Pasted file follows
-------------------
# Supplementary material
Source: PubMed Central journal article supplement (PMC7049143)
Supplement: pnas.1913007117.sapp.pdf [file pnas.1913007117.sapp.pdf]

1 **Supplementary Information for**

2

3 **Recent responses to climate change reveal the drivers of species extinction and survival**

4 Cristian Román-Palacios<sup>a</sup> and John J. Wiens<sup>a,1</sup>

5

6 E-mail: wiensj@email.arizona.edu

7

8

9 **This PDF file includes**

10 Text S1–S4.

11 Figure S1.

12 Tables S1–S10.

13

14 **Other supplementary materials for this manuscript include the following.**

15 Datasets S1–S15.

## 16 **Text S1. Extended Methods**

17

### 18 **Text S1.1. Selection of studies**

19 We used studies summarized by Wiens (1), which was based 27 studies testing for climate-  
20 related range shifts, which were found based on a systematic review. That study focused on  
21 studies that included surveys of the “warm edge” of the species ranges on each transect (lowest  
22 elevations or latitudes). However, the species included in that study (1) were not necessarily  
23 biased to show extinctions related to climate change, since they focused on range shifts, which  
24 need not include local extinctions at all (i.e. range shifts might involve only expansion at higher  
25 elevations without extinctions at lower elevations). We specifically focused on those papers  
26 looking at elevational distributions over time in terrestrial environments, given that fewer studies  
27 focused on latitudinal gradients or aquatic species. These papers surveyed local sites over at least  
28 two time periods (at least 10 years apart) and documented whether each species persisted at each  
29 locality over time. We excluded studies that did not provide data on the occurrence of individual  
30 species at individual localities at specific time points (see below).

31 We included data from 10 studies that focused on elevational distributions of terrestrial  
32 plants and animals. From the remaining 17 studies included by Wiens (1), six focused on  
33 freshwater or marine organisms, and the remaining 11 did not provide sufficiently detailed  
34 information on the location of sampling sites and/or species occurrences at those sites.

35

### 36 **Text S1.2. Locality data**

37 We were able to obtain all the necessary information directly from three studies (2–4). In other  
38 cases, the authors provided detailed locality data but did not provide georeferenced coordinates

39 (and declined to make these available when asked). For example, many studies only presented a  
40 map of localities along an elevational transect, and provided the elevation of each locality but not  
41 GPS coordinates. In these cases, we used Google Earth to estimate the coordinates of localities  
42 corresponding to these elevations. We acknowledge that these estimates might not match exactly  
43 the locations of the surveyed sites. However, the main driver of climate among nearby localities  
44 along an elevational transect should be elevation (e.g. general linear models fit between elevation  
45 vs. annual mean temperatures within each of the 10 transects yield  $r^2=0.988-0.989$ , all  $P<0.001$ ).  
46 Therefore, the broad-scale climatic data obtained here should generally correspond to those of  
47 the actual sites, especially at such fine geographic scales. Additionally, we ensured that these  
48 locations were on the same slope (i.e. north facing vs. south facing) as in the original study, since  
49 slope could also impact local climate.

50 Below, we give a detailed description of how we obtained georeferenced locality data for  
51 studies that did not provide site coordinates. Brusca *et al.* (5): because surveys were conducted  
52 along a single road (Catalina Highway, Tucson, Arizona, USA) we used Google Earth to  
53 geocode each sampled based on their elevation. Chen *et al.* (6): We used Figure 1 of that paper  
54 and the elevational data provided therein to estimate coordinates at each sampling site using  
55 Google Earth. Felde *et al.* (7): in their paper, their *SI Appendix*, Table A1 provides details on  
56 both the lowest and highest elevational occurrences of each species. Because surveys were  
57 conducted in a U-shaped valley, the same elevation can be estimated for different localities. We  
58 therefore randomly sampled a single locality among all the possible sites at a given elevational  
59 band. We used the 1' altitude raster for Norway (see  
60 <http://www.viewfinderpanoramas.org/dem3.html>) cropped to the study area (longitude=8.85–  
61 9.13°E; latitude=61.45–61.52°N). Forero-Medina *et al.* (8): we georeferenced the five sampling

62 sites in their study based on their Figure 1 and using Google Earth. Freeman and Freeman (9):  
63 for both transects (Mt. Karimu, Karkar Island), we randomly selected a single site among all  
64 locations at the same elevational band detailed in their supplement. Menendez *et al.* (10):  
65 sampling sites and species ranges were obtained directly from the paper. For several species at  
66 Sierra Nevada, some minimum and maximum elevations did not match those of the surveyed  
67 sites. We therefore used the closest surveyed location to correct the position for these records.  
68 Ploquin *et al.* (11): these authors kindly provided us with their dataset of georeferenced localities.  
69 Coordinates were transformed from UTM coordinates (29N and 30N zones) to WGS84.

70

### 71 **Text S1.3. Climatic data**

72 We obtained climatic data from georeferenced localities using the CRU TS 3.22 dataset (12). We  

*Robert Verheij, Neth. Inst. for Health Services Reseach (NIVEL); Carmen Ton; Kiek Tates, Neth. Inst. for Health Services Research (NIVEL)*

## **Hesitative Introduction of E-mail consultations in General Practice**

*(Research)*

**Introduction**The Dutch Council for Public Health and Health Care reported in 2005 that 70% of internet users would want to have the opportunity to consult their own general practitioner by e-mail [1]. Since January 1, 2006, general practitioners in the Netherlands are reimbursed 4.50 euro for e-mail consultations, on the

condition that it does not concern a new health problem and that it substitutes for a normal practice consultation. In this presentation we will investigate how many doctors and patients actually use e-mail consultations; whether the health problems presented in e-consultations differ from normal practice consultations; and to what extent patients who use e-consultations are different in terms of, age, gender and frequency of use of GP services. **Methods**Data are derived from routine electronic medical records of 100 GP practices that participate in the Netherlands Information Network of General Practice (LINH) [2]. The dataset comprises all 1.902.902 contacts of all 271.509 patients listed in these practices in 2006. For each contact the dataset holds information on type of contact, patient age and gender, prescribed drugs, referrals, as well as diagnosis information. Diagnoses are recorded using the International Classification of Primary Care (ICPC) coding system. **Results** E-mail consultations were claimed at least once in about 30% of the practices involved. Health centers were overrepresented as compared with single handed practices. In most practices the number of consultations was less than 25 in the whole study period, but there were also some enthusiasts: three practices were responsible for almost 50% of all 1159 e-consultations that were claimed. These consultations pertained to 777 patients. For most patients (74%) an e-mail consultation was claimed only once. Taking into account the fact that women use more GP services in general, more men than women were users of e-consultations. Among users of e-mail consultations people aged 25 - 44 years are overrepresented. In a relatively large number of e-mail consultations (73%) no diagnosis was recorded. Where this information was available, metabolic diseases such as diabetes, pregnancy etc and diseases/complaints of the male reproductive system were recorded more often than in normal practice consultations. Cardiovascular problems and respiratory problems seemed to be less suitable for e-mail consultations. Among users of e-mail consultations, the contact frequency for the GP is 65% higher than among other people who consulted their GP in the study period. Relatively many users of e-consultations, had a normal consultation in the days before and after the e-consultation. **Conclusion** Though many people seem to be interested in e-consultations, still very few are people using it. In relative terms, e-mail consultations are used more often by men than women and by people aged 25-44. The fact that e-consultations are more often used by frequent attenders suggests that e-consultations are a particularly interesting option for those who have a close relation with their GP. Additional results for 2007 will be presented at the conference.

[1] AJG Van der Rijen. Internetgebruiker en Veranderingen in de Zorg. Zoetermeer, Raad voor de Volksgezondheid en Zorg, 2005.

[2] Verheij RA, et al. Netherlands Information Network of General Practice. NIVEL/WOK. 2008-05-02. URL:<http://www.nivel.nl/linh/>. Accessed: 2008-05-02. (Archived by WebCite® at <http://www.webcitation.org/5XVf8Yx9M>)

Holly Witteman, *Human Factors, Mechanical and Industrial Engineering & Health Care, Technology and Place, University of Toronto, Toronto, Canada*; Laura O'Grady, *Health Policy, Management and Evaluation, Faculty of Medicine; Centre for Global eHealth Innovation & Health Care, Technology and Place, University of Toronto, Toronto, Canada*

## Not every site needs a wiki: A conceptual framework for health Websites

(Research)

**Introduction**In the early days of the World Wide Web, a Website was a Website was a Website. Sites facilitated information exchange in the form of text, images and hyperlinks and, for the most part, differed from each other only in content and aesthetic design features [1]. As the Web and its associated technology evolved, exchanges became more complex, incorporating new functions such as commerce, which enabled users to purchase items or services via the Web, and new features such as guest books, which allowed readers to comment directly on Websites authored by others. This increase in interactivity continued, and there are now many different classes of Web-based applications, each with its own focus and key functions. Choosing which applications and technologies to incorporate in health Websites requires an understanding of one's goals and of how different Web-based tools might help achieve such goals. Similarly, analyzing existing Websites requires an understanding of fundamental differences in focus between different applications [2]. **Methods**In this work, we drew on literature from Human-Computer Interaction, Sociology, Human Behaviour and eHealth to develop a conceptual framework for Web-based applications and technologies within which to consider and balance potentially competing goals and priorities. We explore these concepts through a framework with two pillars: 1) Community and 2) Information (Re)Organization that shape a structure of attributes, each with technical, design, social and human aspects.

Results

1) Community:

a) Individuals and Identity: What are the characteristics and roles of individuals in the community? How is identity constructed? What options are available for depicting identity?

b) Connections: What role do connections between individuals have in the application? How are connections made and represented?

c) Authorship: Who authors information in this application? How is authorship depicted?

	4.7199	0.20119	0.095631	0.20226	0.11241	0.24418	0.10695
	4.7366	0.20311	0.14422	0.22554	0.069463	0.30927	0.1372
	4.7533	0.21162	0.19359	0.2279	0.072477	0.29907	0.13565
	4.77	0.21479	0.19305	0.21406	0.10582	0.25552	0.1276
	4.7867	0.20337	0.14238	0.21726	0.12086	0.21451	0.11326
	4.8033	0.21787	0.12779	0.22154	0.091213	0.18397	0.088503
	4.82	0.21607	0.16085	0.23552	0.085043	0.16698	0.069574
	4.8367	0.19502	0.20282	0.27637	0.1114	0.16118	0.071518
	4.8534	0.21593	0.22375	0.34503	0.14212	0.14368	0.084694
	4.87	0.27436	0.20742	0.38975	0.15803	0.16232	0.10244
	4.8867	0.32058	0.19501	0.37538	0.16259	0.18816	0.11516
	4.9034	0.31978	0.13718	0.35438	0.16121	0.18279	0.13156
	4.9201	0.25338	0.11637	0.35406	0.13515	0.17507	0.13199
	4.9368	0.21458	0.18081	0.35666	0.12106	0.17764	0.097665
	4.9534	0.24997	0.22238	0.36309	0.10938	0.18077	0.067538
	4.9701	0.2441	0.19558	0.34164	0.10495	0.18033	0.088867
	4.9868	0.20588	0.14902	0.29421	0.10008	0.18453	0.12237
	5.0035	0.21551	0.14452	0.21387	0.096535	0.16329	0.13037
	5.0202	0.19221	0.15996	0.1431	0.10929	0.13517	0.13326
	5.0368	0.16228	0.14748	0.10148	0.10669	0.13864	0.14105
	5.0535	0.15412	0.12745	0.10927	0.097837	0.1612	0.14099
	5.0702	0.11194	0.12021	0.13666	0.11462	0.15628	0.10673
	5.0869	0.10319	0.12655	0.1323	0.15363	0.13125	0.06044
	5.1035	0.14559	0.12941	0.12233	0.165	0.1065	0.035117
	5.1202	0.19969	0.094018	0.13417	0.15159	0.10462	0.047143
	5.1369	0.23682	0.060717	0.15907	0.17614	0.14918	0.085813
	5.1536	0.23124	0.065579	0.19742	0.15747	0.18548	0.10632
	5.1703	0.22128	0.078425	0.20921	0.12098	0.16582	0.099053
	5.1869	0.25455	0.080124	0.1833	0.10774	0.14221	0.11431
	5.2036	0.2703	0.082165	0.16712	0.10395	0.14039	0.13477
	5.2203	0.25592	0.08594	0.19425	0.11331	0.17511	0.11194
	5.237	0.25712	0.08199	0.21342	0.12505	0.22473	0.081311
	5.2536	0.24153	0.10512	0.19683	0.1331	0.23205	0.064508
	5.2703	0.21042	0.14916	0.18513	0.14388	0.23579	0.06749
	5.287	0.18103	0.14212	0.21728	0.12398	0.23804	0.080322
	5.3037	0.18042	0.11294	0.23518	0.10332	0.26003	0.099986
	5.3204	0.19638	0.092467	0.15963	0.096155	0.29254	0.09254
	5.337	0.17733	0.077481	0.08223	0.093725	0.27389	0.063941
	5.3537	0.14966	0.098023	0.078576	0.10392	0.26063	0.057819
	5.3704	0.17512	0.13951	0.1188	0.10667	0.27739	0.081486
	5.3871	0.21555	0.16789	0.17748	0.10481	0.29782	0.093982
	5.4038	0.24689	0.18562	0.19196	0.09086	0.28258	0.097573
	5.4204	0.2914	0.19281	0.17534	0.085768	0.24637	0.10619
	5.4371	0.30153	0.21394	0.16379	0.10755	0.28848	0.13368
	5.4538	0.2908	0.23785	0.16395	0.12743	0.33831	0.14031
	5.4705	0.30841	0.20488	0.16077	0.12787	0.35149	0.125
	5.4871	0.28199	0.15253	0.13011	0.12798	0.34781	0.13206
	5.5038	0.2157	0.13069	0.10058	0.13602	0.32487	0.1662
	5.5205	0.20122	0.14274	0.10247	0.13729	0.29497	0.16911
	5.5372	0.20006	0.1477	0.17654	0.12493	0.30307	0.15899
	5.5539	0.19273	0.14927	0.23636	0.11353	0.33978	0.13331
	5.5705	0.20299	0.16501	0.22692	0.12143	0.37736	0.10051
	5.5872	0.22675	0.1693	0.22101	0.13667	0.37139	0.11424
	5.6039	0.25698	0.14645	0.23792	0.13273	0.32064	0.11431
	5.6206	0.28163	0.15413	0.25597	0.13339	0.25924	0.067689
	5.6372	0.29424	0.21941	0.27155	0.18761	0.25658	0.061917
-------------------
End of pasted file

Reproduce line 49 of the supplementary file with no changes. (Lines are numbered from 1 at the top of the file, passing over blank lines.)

46 Therefore, the broad-scale climatic data obtained here should generally correspond to those of  